println! error: expected a literal / format argument must be a string literal

匿名 (未验证) 提交于 2018-03-17 14:50:30


This extremely simple Rust program:

fn main() {
    let c = "hello";

throws the following compile-time error:

error: expected a literal
 --> src/
3 |     println!(c);
  |              ^

In previous versions of Rust, the error said:

error: format argument must be a string literal.

Replacing the program with:

fn main() {

Works fine.

The meaning of this error isn't clear to me and a Google search hasn't really shed light on it. Why does passing c to the println! macro cause a compile time error? This seems like quite unusual behaviour.


The reason that

fn main() {
    let c = "hello";

Cannot work is because the println! macro looks at the string at compile time and verifies that the arguments and argument specifiers match in amount and type (this is a very good thing!). At this point in time, during macro evaluation, it's not possible to tell that c came from a literal or a function or what have you.

Here's an example of what the macro expands out to:

let c = "hello";
match (&c,) {
    (__arg0,) => {
        static __STATIC_FMTSTR: &'static [&'static str] = &[""];
            &[::std::fmt::argument(::std::fmt::Show::fmt, __arg0)]

From my comment on this answer:

I don't think that it's actually impossible for the compiler to figure this out, but it would probably take a lot of work (potentially for little gain). Macros operate on portions of the AST, which I assume only has type information. To work in this case, the AST would have to include the source of the identifier and enough information to determine it's "safe". In addition, it might interact poorly with type inference - you'd want to know the type before it's been picked yet!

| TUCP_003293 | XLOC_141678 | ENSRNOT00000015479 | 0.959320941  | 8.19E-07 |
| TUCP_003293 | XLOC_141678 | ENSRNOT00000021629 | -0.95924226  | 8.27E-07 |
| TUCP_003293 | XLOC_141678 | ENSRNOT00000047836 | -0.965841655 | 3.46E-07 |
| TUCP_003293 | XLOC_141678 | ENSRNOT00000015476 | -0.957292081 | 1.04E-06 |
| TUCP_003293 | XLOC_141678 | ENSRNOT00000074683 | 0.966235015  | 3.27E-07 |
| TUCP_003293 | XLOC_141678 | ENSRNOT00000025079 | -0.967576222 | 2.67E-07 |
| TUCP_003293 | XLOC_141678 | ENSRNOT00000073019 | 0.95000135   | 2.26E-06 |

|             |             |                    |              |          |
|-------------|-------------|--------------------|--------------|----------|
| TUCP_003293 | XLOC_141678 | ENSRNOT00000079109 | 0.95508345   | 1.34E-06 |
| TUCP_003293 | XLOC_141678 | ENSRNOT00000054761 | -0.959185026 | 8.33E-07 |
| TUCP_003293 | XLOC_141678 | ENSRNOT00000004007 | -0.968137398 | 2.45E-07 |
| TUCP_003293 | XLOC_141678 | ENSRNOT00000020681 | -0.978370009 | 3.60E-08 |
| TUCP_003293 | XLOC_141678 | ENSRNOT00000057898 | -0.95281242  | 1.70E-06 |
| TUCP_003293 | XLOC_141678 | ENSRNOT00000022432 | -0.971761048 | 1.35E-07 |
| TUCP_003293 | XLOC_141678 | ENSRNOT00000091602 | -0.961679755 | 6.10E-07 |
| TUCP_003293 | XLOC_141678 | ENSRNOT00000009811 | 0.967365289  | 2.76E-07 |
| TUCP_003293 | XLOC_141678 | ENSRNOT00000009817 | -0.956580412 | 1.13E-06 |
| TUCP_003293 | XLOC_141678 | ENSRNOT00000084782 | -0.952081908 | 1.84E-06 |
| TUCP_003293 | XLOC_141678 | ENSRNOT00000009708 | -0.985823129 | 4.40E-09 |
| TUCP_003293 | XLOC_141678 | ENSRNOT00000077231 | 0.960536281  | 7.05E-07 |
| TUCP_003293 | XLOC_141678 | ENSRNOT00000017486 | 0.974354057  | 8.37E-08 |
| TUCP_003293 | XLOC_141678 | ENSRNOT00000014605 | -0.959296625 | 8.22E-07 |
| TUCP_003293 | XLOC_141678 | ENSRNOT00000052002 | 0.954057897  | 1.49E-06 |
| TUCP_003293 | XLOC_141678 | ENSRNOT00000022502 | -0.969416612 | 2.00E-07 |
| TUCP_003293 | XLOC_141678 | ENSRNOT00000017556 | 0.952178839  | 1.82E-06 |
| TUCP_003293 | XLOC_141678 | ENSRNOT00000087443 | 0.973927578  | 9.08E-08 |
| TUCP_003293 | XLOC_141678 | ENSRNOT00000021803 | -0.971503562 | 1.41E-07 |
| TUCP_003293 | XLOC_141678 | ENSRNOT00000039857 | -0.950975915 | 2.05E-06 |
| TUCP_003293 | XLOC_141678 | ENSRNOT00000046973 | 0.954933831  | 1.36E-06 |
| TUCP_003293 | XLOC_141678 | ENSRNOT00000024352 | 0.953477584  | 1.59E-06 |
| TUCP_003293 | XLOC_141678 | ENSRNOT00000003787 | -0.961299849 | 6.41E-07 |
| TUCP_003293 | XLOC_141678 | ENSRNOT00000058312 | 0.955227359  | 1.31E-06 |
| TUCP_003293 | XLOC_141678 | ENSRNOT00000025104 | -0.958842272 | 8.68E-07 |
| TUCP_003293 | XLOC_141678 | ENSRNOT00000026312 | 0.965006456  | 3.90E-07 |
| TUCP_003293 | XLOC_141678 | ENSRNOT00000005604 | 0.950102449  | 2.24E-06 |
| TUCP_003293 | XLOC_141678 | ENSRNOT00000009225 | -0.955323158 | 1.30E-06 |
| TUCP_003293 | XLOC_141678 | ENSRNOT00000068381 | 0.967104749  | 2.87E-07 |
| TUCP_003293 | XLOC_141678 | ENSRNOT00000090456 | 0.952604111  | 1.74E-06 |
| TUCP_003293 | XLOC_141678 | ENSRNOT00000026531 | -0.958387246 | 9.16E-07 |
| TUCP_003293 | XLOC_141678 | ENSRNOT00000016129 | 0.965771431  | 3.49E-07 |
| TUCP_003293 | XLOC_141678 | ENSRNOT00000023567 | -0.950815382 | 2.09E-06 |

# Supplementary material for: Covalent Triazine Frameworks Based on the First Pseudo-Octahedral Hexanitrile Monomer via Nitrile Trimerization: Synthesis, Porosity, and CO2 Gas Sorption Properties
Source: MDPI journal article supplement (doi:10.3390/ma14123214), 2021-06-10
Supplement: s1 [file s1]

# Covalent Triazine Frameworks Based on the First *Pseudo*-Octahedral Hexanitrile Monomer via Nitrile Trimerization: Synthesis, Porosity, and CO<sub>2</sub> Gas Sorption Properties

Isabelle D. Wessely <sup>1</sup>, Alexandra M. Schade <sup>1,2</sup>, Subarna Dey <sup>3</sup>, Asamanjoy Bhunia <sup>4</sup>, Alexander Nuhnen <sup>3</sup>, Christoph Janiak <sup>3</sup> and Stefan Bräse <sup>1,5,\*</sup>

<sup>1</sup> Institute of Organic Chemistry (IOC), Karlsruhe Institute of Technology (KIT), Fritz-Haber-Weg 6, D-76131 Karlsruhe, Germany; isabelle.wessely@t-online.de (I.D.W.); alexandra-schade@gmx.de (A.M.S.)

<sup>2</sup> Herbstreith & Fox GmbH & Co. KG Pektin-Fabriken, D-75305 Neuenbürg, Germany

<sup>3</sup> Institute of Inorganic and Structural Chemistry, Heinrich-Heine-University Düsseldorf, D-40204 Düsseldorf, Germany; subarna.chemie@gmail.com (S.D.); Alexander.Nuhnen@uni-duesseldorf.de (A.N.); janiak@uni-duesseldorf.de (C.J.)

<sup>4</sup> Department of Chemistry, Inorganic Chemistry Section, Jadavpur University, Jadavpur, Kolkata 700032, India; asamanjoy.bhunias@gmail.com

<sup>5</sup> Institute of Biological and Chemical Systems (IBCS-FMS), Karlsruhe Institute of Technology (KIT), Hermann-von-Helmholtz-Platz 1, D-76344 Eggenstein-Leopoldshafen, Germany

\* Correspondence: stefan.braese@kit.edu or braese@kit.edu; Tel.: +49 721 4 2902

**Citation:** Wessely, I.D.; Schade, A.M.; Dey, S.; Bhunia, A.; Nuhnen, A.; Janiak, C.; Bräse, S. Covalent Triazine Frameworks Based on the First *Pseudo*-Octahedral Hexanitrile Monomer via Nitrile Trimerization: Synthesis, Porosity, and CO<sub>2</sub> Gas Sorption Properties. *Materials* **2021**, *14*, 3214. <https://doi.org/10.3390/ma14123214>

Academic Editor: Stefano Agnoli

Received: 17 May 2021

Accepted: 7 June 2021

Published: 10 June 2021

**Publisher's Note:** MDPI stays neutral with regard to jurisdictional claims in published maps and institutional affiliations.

From my comment on the other answer:

The error message asks for a "string literal". There's a SO question about what that means, which links to the Wikipedia entry:

a literal is a notation for representing a fixed value in source code

"foo" is a string literal, 8 is a numeric literal. let s = "foo" is a statement that assigns the value of a string literal to an identifier (variable). println!(s) is a statement that provides an identifier to the macro.


This should work:

fn main() {
  let c = "hello";
  println!("{}", c);

The string "{}" is a template where {} will be replaced by the next argument passed to println!.


If you really want to define the first argument of println! in one place, I found a way to do it. You can use a macro:

macro_rules! hello {() => ("hello")};

Doesn't look too useful here, but I wanted to use the same formatting in a few places, and in this case the method was very helpful:

macro_rules! cell_format {() => ("{:

The macro saved me from having to duplicate the formatting option in my code.

You could also, obviously, make the macro more fancy and take arguments if necessary to print different things with different arguments.


If your format string will be reused only a moderate number of times, and only some variable data will be changed, then a small function may be a better option than a macro:

fn pr(x){
    println!("Some stuff that will always repeat, something variable: {}",x);

pr("I am the variable data".to_string());


Some stuff that will always repeat, something variable: I am the variable data

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